options = {:only_path => false, :action => 'feed',
               :controller => 'xml'}.merge options
    @auto_discovery_url_rss = url_for({:format => 'rss20'}.merge options)
    @auto_discovery_url_atom = url_for({:format => 'atom10'}.merge options)

And sidebar content (archive, flickr, tada, etc.) gets delivered through components, which are all derived from ApplicationController, thus inheriting the filters. Bingo!

There are, of course, several ways to fix this problem, I chose the simplest one, taking advantage of the fact that the request object passed to components gets duplicated for component processing. Upon entering the controller responsible for the request, config will be loaded and a processing flag is stored as an instance variable in the request object. Similarly, the values retrieved during feed get stored there as well. When a component gets invoked it retrieves these values from the request object.

def reload_settings
  unless @request.instance_variable_get(:@config_reloaded)
    @request.instance_variable_set(:@config_reloaded, true)

def auto_discovery_defaults
  @auto_discovery_url_rss =
  @auto_discovery_url_atom =
  unless @auto_discovery_url_rss && @auto_discovery_url_atom
    auto_discovery_feed(:type => 'feed')

Running railsbench again and comparing the results shows that the most important pages are now rendered 4 to 5 times as fast:

page    c1 real   c2 real  c1 r/s  c2 r/s  c1 ms/r  c2 ms/r  c1/c2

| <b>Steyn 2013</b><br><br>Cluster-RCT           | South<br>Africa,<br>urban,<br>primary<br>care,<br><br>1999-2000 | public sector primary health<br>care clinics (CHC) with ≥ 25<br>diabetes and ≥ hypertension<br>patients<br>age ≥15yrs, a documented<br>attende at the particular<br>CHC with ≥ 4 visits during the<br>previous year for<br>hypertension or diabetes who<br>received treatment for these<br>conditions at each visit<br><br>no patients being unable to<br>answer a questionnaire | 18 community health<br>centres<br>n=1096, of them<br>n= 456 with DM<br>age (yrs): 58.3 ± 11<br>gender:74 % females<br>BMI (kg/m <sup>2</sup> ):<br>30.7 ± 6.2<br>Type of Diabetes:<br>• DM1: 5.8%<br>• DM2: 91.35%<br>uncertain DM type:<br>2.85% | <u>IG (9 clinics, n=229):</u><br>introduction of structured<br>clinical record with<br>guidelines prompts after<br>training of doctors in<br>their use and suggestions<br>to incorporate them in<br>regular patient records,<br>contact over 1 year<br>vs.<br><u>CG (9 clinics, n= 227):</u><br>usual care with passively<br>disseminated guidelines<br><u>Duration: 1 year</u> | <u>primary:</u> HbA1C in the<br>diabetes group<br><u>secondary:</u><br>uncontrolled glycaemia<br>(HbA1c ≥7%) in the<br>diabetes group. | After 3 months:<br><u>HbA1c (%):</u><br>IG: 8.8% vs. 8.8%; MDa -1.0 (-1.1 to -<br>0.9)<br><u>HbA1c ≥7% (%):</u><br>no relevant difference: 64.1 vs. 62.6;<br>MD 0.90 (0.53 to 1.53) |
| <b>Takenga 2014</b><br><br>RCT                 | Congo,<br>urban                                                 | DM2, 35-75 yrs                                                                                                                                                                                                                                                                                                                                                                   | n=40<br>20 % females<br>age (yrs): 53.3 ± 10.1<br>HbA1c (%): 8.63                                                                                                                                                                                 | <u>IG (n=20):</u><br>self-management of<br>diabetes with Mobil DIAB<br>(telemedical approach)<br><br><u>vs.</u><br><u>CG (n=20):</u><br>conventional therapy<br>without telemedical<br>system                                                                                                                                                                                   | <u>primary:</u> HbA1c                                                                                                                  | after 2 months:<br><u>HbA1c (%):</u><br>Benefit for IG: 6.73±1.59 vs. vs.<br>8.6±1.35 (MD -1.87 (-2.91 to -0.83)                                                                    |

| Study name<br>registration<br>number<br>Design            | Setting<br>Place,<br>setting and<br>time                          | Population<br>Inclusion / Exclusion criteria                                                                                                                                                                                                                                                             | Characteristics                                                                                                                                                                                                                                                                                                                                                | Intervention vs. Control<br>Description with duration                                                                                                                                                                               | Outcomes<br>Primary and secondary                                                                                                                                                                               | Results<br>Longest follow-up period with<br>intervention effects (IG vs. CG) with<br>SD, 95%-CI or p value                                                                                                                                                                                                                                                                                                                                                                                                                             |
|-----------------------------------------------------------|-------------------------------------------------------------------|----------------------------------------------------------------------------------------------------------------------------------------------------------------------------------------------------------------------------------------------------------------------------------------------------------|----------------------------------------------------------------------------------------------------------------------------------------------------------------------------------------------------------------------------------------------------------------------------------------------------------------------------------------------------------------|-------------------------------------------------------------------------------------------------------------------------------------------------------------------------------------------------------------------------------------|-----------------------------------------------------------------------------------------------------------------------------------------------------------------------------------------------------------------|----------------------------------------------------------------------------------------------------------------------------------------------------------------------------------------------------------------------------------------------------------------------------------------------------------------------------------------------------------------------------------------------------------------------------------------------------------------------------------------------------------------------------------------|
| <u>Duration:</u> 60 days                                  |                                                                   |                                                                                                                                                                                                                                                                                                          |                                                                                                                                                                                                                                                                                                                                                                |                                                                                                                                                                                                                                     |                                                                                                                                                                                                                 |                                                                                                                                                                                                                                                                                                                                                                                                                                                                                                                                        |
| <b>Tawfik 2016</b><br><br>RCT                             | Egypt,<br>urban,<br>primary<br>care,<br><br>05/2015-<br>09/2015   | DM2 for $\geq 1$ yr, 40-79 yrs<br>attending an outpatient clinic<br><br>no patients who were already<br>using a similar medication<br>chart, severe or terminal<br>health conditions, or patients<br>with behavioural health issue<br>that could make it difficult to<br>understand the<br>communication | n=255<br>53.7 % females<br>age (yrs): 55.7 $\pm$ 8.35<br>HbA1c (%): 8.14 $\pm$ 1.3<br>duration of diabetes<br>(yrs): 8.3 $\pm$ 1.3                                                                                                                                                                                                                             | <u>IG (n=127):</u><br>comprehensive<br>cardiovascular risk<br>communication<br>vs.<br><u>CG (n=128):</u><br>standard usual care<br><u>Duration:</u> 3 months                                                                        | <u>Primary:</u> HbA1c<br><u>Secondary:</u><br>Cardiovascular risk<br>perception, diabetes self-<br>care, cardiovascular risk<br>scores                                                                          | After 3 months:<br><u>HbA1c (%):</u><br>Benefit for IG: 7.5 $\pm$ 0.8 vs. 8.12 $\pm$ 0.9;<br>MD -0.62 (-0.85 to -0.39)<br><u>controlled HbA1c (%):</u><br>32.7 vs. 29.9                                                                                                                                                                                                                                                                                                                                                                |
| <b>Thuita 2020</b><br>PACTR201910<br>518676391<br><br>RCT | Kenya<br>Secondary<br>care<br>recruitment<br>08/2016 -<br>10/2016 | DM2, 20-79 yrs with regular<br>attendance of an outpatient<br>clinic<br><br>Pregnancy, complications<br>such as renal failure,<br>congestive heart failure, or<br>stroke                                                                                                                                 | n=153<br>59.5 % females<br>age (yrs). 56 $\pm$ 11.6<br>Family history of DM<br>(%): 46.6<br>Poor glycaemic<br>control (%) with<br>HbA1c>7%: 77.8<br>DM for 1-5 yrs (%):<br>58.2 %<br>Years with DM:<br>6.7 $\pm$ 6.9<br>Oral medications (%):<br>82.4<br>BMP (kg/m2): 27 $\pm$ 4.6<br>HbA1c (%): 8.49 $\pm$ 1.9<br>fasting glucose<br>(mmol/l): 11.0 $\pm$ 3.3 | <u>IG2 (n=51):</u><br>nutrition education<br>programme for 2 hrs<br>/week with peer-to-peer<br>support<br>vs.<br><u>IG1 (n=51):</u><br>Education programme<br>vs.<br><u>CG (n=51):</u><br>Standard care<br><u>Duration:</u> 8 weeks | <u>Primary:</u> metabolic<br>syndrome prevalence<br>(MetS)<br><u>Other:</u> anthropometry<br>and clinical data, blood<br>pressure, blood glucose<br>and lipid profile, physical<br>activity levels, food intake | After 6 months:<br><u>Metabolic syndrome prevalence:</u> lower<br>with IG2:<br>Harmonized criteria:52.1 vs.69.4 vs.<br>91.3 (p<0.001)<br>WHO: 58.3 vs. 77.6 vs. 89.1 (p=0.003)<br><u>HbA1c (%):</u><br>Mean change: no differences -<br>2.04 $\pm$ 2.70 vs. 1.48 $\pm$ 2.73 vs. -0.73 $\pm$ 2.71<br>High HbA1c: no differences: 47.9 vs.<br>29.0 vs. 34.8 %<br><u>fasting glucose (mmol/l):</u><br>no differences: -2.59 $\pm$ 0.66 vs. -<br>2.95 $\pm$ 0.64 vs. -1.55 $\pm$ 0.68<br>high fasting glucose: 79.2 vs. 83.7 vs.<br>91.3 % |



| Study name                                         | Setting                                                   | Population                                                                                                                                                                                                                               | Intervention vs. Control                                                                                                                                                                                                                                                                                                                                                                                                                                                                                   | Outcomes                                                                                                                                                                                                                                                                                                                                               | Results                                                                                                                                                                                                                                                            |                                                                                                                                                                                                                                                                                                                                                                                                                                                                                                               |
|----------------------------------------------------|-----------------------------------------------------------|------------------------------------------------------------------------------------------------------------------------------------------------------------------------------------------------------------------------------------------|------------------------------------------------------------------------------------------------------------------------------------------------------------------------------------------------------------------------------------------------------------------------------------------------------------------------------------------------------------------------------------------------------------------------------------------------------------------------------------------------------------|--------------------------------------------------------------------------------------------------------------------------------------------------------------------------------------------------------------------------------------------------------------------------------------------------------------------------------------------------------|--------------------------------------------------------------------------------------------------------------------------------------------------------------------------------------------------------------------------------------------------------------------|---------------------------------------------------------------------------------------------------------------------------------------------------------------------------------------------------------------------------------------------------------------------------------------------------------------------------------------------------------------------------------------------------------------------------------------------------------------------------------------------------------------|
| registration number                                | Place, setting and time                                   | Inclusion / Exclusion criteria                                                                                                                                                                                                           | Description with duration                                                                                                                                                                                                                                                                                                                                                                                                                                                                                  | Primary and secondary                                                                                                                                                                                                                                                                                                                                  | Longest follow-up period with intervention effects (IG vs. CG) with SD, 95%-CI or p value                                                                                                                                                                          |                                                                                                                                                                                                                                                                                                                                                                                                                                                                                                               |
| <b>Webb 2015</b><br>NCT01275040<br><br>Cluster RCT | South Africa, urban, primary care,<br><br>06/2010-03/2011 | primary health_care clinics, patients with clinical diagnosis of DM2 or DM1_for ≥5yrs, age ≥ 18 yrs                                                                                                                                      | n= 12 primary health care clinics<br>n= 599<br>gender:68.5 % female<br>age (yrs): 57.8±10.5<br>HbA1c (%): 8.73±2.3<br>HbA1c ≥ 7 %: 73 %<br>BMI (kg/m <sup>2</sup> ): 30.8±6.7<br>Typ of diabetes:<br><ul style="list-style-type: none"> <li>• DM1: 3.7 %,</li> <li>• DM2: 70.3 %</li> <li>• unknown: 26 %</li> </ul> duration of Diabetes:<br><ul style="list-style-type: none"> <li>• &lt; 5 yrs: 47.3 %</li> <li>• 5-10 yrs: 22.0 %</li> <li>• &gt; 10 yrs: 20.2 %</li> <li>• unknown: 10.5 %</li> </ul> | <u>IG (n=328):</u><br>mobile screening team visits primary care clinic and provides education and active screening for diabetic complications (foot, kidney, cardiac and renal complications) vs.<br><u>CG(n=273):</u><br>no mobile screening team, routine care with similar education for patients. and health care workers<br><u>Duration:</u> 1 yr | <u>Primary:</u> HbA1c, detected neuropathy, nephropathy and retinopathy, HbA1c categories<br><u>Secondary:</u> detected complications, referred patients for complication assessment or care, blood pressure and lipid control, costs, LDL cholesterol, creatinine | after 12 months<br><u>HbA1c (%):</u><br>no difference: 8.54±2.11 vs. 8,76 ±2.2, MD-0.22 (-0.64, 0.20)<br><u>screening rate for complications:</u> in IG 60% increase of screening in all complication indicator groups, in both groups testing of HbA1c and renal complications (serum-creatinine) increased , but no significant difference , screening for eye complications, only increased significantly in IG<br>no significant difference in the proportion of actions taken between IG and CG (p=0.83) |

1:     14.86220   3.75458     6.7    26.6   148.62    37.55   3.96
2:     13.83662   2.70294     7.2    37.0   138.37    27.03   5.12
3:      1.47821   1.29960    67.6    76.9    14.78    13.00   1.14
4:      2.95742   2.71447    33.8    36.8    29.57    27.14   1.09
5:      2.33728   2.13827    42.8    46.8    23.37    21.38   1.09
6:      2.09189   1.73313    47.8    57.7    20.92    17.33   1.21
7:     13.99597   2.73185     7.1    36.6   139.96    27.32   5.12
8:      5.44847   1.42805    18.4    70.0    54.48    14.28   3.82
9:      1.48696   1.15061    67.3    86.9    14.87    11.51   1.29

Note: c1 and c2 label data of the original/modified application. r/s are requests per second and ms/r are milliseconds per request.

Now that's some niiiiiice improvement!

I think that it's pretty easy to shoot oneself in the foot using components. I tend to avoid them. But sometimes they can be nice, in that case: watch out for da slow filters! Either don't derive the components from ApplicationController, make sure that the filters are fast, possibly using the technique presented in this article, or turn them off completely, e.g. if you don't really need to run them and or can get at the necessary data using some other technique.

The possibility to disable filters in derived controller classes was recently added to Rails. So we could have said

  skip_before_filter :reload_config

on the component classes, instead of storing a flag inside the request object. It should be even faster than storing flags on the request object, because the filter will be removed from the filter chain during class load time. Maybe I'll measure that at a later time.

Posted in performance | Tags components